GSA: Further post-FTS delays will hurt agencies

That was the message that Federal Telecommunications Service commissioner Robert J.
Woods offered to the House Government Reform and Oversight Committee this month during an
FTS strategy hearing.


"It's going to show up as a budget problem" for government telecommunications
users, Woods said.


Less than a month before the target April 2 release date for the RFP, telecom vendors
as well as members of Congress continued to voice concerns about GSA's post-FTS 2000
procurement strategy.


Vendors offered up their concerns last week during a second hearing of the committee.


In the wake of stern congressional criticism of its earlier plans, GSA made changes to
the strategy to foster competition among long-distance and local service providers.


But now members think the changes came too quickly. "It just does not seem like a
very good way to make a major policy decision," Rep. Bob Barr (R-Ga.) said.


Barr and other committee members said competition might not be fair because the
regional local providers probably cannot get immediate access to long-distance markets.


GSA is feeling pressure from all sides in awarding an estimated $5 billion worth of
telecommunications contracts to replace FTS 2000. The current contracts, held by AT&T
Corp. and Sprint Corp., expire at the end of next year.


In their place, GSA plans to award what it calls FTS 2001 for long-distance service and
a series
of Multiple Area Acquisitions (MAAs) for local service.


For federal users, represented by the Interagency Management Council for
Telecommunications, the overriding concern is to get the new contracts in place on time.


"We have programs to run, and as we near the end of the FTS 2000 contracts, it
becomes less practical to purchase new services and new technologies under the existing
program," IMC chairman Frank Lalley told the committee.


"We are already looking outside the program. Once an agency goes, the economies of
scale suffer," said Lalley, associate deputy assistant secretary for
telecommunications at the Veterans Affairs Department.


Sen. Ted Stevens (R-Alaska) had threatened in January to hold up the new contracts
unless some provision was made for immediate competition for integrated local and
long-distance services.


Until then, the FTS strategy had called for separate contracts with no integration for
at least four years.


Woods and his staff yielded. FTS revised its plans and proposed that FTS 2001 and MAA
contractors be able to offer optional services that cross lines between local and long
distance.


But the Telecommunications Act of 1996 has placed restrictions on the regional Bell
operating companies' entry into the long-distance markets. No such delays hamper
long-distance carriers AT&T, Sprint and MCI Communications from entering the local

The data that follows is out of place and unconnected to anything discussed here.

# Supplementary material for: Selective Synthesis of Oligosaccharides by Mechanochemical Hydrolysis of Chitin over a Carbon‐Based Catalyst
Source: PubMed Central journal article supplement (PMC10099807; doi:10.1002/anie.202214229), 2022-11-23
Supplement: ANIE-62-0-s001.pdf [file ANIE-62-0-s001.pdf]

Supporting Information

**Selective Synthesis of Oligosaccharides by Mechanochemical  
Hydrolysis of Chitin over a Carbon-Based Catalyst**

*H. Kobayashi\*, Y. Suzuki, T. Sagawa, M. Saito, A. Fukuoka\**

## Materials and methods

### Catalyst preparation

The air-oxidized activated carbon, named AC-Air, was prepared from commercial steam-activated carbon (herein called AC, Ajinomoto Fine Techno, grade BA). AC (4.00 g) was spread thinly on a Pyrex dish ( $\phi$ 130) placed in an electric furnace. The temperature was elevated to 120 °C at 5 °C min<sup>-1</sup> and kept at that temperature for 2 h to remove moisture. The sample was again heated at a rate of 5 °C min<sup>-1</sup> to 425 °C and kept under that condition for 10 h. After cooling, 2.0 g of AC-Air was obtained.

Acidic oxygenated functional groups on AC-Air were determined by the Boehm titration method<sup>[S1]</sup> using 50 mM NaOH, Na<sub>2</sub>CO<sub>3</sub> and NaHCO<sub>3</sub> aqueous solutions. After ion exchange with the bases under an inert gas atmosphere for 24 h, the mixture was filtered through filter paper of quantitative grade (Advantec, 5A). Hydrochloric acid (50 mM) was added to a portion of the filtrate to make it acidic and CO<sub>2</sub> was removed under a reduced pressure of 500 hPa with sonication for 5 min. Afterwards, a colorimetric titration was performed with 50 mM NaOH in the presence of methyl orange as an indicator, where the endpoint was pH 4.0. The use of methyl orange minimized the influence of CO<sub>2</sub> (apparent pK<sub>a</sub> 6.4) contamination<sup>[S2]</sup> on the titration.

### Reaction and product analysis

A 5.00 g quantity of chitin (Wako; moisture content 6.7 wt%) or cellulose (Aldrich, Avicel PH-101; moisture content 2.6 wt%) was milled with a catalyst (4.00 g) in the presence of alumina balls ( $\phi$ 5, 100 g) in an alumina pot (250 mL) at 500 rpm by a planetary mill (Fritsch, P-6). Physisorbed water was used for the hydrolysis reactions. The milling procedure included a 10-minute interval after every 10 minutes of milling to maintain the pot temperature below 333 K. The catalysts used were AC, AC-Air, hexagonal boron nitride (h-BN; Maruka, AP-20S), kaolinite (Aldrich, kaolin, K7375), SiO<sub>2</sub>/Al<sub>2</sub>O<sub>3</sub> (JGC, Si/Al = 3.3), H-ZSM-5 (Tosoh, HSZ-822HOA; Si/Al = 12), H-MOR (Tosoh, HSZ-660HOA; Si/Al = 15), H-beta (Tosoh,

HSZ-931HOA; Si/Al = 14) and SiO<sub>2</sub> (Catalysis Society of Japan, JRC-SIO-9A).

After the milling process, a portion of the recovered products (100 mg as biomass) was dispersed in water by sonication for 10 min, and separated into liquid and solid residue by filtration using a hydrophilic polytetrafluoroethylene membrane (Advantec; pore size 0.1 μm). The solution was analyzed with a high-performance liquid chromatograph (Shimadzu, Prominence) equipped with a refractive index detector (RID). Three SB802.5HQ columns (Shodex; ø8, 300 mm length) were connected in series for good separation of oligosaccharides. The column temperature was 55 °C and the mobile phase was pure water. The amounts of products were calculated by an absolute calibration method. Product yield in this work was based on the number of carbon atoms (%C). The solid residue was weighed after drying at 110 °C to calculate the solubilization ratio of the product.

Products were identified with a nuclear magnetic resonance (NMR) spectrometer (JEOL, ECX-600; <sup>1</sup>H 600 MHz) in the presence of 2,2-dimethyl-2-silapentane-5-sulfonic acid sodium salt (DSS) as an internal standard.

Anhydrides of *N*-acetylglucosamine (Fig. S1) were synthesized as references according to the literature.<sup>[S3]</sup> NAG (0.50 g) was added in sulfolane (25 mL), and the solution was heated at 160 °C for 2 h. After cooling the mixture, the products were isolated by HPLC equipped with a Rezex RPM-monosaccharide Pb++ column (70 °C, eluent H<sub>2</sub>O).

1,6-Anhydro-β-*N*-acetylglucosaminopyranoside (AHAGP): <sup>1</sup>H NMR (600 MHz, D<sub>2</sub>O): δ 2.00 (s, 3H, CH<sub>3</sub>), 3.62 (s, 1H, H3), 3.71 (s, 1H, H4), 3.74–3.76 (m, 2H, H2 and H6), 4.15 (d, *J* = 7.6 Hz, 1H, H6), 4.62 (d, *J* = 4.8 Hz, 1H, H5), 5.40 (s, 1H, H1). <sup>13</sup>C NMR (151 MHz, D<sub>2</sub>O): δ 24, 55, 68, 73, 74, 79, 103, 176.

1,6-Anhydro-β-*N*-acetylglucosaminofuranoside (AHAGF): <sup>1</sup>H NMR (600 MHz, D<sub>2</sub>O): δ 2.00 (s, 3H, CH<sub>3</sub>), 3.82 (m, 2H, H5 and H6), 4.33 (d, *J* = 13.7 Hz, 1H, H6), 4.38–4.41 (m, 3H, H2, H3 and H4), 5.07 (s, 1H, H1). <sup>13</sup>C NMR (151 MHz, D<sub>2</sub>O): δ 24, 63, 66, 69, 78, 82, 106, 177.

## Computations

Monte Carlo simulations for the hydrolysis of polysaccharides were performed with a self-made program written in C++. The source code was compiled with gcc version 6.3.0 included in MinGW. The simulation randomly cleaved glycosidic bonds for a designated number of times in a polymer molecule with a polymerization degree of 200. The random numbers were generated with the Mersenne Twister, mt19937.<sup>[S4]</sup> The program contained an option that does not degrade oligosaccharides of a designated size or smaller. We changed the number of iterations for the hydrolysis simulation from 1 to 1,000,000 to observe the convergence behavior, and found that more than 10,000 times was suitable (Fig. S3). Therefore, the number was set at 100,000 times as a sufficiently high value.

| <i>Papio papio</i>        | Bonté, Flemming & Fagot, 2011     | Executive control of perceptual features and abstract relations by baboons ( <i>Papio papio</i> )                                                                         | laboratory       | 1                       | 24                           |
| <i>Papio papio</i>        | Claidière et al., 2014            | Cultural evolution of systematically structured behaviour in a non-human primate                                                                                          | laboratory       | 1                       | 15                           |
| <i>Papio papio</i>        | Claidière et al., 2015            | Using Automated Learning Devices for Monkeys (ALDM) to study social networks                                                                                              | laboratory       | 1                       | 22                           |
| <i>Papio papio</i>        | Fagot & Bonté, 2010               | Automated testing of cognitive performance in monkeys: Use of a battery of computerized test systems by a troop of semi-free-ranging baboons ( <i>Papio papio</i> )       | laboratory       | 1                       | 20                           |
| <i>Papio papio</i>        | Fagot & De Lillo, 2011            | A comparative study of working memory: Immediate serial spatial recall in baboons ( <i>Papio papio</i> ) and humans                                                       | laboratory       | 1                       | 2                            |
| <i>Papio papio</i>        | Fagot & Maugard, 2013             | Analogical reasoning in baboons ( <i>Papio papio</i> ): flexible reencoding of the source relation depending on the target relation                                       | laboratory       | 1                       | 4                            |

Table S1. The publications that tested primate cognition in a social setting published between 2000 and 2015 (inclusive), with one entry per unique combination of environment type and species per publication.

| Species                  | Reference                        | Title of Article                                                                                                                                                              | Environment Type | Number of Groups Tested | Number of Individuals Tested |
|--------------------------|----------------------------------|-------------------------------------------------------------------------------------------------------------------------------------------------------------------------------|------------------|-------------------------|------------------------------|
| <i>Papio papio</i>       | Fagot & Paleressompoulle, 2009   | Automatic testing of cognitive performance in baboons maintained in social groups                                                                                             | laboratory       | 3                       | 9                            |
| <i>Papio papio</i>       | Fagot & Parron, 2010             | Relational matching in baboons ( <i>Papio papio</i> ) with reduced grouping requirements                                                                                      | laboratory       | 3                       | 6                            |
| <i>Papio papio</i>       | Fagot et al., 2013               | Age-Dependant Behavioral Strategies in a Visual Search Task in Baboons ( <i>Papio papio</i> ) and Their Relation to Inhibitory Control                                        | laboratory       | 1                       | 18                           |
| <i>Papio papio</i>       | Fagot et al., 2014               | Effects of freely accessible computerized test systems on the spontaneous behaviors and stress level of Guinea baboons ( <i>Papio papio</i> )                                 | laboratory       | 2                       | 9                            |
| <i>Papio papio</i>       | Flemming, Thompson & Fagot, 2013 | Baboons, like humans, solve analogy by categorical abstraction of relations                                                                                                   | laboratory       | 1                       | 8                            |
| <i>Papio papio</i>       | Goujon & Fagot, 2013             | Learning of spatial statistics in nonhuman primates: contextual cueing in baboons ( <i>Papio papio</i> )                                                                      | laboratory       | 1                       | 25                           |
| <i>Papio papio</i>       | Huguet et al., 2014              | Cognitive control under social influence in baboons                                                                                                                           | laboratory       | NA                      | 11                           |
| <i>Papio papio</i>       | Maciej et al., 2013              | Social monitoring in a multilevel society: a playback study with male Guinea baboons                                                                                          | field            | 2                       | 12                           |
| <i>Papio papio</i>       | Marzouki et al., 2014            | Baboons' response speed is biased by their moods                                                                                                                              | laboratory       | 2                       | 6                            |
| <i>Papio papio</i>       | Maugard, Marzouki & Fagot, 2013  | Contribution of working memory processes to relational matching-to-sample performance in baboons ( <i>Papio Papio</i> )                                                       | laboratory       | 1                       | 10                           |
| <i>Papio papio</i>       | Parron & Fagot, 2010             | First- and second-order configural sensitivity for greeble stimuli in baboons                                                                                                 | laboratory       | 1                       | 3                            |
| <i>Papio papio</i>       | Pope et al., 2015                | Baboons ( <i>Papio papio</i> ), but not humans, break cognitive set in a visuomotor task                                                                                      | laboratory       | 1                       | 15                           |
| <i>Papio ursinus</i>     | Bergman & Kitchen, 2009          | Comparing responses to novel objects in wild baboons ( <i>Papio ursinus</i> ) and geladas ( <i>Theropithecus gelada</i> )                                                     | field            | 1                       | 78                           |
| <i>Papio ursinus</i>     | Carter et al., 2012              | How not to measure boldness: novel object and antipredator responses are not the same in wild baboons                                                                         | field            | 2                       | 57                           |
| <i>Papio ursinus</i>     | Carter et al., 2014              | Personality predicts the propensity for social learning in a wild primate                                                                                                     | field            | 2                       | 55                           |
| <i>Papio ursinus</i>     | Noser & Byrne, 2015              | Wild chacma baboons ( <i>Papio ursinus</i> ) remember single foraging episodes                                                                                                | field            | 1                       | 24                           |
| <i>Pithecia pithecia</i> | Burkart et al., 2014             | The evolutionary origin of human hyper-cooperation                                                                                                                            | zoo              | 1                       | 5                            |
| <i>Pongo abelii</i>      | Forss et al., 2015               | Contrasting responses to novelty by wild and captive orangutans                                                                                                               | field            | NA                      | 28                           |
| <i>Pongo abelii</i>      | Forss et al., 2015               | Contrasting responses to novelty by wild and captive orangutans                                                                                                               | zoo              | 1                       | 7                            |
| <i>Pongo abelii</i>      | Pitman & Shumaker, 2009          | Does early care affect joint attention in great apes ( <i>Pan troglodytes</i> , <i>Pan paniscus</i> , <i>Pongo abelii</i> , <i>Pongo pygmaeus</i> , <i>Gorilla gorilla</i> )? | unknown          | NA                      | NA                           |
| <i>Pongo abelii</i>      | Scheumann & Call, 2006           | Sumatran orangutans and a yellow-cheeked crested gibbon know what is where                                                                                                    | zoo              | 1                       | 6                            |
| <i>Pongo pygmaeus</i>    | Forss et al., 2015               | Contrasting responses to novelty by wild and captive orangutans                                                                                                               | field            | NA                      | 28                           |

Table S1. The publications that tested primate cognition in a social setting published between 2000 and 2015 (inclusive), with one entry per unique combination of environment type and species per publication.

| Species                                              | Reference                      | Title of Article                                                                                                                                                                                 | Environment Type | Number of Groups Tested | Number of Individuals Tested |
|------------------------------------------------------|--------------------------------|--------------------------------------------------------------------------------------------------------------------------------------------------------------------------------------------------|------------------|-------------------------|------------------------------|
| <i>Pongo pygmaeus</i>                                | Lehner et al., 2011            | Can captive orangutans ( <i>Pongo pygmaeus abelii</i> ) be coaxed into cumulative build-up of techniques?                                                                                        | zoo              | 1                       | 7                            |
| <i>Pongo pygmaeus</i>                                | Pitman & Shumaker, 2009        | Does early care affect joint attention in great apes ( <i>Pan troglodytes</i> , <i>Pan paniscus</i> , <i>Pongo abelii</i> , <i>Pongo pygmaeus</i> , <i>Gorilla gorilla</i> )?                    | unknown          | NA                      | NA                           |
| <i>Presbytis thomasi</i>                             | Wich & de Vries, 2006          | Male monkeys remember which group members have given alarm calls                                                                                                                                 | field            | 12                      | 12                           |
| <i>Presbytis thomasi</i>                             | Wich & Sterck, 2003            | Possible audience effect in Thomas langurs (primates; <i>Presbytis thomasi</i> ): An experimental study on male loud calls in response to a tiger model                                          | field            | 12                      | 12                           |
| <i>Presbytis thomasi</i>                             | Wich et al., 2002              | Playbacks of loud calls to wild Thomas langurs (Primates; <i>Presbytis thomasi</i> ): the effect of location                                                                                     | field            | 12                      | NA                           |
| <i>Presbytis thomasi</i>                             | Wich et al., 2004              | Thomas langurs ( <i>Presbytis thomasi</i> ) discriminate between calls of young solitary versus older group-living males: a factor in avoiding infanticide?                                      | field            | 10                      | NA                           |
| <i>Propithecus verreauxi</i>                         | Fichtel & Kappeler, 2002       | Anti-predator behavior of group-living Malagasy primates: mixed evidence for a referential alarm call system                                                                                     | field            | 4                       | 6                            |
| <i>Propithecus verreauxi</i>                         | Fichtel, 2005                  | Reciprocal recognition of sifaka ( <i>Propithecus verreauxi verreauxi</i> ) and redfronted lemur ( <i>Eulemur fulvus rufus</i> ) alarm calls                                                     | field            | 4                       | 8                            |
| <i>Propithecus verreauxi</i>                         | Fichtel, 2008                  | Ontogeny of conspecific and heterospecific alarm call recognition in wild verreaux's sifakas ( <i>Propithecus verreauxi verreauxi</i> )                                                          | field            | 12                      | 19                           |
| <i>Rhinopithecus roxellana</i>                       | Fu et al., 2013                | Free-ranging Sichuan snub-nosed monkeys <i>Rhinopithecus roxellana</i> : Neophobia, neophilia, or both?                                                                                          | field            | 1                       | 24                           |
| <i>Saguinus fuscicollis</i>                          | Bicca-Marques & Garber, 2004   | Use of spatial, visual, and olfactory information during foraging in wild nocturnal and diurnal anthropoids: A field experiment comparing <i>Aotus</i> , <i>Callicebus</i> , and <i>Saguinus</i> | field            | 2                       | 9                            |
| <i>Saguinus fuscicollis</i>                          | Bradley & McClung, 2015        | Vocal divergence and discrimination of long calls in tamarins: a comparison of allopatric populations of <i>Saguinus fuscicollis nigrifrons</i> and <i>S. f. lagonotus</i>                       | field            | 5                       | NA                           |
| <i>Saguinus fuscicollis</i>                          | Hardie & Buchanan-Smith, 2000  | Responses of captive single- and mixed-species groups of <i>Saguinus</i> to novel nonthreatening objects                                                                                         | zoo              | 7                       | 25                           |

markets.


"I have concerns that the long-distance providers will not have to compete head to
head with local providers," Rep. Elijah Cummings (D-Md.) said.


Richard J. Lombardi, president of AT&T Government Markets, told the committee his
company supported the most recent buying plan. He said the regional Bell operating
companies were fighting the plan as a way to maintain their monopoly on local service.


But Barbara Conner, president of Bell Atlantic Federal Systems, said the revised
version is a last-minute compromise that discards years of debate and input from federal
users and industry.


Conner said it would let long distance companies make noncompetitive entries into the
local-service market.


"The competition needs to be fair and open,'' she said. "We believe the best
response is to go back to the September strategy.''


Woods conceded his plan was not perfect but called it the best available to increase
competition in a rapidly developing market. "It's time to move on," he said.


If GSA does not release an RFP early next month, it will be a year before the agency
can award contracts and at least another year before new contractors will be serving
agencies fully, Woods said.


That means GSA will have to negotiate six-month extensions with Sprint and AT&T.
"If delays go beyond a six-month extension, agencies will find themselves really at
somebody's mercy," Woods said.


According to FTS figures, long-distance rates under FTS 2000 have decreased by about 75
percent over the life of the program.


"We have lived off these decreases," Woods said. As government use of
telecommunications climbs 30 percent to 40 percent a year, rate reductions are essential
so that agencies can conduct business within their budgets.


Some FTS 2000 long-distance rates are now as low as 2.5 cents per minute. Rep. Thomas
M. Davis (R-Va.) asked Woods how much lower it might go.


"I hope a lot lower," Woods replied. "I think one day you're going to
see long distance at a flat rate, and I don't think that day is far off."


About the Author

William Jackson is a Maryland-based freelance writer.

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